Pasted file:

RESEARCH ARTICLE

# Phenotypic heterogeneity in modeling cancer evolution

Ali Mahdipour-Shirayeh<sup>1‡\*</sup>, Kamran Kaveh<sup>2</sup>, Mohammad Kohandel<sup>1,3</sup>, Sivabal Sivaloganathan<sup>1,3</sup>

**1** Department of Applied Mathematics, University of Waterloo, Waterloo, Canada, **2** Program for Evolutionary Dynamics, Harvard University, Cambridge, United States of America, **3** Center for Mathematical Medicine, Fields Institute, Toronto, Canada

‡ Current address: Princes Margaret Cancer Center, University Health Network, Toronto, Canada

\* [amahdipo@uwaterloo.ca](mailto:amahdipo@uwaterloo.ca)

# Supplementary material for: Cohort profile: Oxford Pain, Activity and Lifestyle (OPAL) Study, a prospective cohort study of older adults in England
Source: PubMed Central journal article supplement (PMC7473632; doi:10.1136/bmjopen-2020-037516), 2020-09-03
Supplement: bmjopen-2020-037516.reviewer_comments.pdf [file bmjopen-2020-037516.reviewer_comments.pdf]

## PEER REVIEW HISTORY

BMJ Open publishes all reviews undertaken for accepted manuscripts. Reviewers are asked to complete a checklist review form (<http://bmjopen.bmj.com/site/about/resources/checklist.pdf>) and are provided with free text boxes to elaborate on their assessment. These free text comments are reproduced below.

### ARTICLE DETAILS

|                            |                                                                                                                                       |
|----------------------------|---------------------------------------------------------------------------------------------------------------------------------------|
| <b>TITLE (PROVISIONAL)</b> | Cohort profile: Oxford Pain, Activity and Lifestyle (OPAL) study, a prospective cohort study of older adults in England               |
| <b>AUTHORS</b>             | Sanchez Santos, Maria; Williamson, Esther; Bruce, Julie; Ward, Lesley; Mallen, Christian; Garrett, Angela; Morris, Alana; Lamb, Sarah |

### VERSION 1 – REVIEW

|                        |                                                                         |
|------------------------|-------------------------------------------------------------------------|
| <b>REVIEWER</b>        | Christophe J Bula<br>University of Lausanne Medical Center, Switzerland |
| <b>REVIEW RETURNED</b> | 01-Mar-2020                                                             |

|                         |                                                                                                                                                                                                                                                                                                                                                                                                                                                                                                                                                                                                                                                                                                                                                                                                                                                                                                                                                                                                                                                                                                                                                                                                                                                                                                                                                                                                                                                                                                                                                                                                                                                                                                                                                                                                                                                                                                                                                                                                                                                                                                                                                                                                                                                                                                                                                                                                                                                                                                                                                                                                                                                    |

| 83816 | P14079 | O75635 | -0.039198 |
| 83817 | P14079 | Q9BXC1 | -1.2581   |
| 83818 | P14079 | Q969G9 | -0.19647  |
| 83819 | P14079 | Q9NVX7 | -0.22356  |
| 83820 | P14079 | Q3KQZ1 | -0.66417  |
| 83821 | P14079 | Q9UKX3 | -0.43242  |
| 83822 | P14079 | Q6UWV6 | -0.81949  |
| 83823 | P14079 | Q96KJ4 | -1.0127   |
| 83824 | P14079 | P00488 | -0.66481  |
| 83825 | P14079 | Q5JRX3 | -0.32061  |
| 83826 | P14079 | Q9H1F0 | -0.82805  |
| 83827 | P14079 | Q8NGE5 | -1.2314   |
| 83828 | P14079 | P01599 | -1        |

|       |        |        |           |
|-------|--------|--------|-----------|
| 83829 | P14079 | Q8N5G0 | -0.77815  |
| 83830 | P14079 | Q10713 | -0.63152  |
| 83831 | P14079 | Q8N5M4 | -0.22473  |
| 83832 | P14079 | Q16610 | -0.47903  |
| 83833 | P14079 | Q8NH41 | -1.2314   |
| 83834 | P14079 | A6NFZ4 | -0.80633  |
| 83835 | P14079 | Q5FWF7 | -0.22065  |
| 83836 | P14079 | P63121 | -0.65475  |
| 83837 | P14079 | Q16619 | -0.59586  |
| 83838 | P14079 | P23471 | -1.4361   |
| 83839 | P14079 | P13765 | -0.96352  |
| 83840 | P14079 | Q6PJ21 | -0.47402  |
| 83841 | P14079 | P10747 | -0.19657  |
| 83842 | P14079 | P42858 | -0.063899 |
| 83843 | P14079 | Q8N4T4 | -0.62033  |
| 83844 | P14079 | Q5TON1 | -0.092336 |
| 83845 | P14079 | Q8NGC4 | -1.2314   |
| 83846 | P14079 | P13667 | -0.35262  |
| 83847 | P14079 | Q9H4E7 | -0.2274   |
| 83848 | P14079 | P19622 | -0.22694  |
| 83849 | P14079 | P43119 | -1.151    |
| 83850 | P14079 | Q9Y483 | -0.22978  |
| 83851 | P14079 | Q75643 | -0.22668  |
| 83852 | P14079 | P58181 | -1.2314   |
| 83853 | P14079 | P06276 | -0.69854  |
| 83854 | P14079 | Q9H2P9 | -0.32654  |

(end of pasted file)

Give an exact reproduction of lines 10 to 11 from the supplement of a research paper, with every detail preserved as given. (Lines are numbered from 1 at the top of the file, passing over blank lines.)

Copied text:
## PEER REVIEW HISTORY

BMJ Open publishes all reviews undertaken for accepted manuscripts. Reviewers are asked to complete a checklist review form (<http://bmjopen.bmj.com/site/about/resources/checklist.pdf>) and are provided with free text boxes to elaborate on their assessment. These free text comments are reproduced below.